traditional psychotherapy approaches.
The “radical” theory and research based position it took was that individuals were best
understood within the contexts in which they were embedded.
1. A respect for Diversity
• Recognizing and respecting difference in people and their cultural and
ancestral heritage is important to community psychology
• Hays developed a system for noting diversity (ADDRESSING):
o Developmental & acquired Disabilities
o Socioeconomic Status
o Sexual Orientation
o Indigenous heritage
o National origin
• A belief in the diversity of people comes a recognition of the distinctive
lifestyles, worldviews and social arrangements that aren’t apart of
mainstream or established traditional society but characterize our societies
• When we recognize the diversity it prevents the comparison of diverse
populations with mainstream cultural standards and avoids them being
labelled as “deficient or “deviant” • In terms of research, recognition of diversity within populations has been
rising. Before 11% of community psychology journals addressed ethnic
populations now 25%
• Certain marginalized groups continue to be ignored – homosexuals,
disabled and women.
2. The Importance of Context and Environment
• Kurt Lewin 1936 – behaviour is a function of the interaction b/w the
person and the environment.
o To consider the individual alone would provide an incomplete and
weak description of the factors influencing behaviour. Therefore
any study of behaviour must include an understanding of the
personal dispositions & of the situation in which the person finds
his or herself.
• Roger Barker 1965 – behaviour settings: People in a given setting act in
prescribed ways. Violation of these environmentally signalled patterns
resulted in punishment & these patterns persisted over time.
o Ex. If we got into a elevator and faced inward instead of outward,
people would become nervous.
o Overmanning: too many people for a situation. Newcomers are
less likely to be welcomed, because they would add to the
o Undermanning: A lot of work to be done, but not enough people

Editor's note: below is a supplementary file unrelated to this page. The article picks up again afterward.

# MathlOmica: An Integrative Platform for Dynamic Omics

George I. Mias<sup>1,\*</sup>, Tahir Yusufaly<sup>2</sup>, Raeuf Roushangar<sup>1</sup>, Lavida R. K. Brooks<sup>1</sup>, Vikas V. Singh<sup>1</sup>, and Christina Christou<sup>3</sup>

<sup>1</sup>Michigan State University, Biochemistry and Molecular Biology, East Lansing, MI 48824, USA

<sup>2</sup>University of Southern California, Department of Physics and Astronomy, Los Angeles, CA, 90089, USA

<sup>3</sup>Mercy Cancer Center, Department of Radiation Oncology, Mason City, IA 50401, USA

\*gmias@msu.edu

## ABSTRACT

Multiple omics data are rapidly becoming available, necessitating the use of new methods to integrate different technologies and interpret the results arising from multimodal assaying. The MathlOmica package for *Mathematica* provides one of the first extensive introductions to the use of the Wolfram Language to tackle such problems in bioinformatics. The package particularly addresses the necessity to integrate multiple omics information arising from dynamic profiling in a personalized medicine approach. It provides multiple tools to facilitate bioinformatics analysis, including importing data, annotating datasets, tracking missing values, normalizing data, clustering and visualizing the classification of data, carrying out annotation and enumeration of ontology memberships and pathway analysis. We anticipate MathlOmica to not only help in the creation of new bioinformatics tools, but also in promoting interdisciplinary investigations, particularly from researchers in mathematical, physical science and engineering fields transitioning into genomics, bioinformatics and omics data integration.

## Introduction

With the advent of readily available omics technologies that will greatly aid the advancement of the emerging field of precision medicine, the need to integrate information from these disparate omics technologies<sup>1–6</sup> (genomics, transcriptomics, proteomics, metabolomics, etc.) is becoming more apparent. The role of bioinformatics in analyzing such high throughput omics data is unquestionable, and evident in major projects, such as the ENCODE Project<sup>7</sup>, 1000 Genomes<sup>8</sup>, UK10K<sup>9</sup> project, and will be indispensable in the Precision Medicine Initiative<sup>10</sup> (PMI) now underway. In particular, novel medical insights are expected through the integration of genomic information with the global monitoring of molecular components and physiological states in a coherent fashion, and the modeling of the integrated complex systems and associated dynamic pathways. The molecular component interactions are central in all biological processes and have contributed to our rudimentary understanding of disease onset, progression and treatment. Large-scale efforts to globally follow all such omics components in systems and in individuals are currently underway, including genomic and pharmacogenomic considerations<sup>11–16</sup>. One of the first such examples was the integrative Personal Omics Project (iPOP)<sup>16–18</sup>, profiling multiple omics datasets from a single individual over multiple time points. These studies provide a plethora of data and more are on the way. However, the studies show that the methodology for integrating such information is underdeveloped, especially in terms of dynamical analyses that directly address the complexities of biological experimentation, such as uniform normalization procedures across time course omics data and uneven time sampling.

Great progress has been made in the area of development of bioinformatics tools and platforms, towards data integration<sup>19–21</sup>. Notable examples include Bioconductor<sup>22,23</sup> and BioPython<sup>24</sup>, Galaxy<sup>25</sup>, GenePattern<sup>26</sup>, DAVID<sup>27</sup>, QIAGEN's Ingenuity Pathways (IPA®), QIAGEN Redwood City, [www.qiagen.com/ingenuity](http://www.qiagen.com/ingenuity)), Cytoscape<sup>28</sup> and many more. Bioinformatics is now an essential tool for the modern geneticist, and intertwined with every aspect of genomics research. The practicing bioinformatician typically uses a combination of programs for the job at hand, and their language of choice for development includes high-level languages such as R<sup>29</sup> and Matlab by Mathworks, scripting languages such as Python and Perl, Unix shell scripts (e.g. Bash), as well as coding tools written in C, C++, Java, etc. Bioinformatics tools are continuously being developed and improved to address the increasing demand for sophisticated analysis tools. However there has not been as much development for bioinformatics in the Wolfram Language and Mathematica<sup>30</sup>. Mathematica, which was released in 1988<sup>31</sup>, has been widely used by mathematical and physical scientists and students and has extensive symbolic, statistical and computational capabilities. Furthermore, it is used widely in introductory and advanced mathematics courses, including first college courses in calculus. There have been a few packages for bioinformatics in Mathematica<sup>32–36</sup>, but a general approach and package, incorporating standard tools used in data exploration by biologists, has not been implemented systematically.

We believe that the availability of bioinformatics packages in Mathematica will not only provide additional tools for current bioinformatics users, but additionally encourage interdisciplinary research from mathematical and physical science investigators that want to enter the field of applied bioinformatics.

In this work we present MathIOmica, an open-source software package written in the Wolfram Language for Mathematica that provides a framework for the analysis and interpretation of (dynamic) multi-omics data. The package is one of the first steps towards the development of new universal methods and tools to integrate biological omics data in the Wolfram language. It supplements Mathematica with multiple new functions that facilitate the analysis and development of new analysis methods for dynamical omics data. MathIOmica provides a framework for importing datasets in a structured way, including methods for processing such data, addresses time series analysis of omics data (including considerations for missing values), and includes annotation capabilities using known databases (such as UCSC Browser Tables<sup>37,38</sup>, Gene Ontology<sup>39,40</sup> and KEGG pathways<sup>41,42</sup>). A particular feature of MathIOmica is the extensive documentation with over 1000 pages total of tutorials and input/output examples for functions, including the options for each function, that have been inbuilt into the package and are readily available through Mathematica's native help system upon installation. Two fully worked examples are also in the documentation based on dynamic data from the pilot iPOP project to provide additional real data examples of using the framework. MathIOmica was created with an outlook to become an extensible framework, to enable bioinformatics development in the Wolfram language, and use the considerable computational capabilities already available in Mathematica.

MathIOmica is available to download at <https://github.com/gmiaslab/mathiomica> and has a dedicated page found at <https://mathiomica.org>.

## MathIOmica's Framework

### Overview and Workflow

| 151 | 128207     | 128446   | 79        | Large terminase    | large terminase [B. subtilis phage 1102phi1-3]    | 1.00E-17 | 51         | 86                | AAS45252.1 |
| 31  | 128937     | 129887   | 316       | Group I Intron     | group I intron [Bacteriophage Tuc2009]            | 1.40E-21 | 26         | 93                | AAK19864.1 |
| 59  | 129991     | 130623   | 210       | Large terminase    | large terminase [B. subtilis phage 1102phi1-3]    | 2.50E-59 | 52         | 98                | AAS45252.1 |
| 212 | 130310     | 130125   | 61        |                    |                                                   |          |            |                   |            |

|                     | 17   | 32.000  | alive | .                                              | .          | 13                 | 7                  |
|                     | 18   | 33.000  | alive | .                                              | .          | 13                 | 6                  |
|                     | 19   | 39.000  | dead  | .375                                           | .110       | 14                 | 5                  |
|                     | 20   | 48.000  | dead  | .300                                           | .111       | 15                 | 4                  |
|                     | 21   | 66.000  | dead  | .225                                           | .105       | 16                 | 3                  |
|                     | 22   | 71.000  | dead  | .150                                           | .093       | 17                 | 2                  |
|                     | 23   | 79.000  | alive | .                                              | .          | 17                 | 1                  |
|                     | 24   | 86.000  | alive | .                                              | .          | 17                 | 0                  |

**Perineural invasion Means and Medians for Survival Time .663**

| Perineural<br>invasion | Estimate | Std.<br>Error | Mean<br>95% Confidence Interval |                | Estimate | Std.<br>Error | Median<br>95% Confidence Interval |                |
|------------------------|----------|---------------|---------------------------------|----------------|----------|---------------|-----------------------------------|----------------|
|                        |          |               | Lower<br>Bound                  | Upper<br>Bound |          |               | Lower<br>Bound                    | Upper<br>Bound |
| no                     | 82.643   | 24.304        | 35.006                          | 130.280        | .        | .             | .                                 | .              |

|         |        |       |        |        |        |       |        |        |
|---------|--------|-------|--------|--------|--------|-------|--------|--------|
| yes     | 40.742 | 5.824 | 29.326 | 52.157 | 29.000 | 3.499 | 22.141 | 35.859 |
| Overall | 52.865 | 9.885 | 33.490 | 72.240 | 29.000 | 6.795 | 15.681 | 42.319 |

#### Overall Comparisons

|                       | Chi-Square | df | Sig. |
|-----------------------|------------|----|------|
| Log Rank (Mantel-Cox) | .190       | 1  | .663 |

to do it. Newcomers are welcome, less competition for positions
o Regularities of behaviour are not determined solely by personality
& genetics, behaviour is also a result of environmental signals and
pressures on the individual.
o Different environments bring different behaviour, change the
environment, change the behaviour
• Jason & Zolik – Discriminative stimulus and setting control are contextual
o Context can be construed as the discriminative stimuli within a
setting that as individuals or groups have learned, signal the
display of certain behaviours leading to consequences that are
desirable or undesirable.
o Certain behaviours are reinforced in a given setting, increasing the
probability of those behaviours in those settings
o Certain behavioural tendencies might appear stronger in particular
settings and weaker in others.
• Empowerment is a value, a process and an outcome.
• As a value, its seen as good. Assumes that people and communities have
strengths, and resources and by nature nonpathological
• As a process, a way individuals and communities feel they have some say
in and control over the events, structures and policies that control those
structures in their lives. • Community psychology emphasizes democracy as an outcome of
democracy people can feel empowered.
• Inspiring leadership, power role opportunities, a socially supportive
environment and group belief all contribute to feelings of empowerment.
• Psychological empowerment: individuals gain a sense of mastery
• Social empowerment: individuals rise in status
• Civic empowerment: a gain in rights and privilages
4. Ecological Perspective/Multiple Levels of intervention
• Urie Brofenbrenn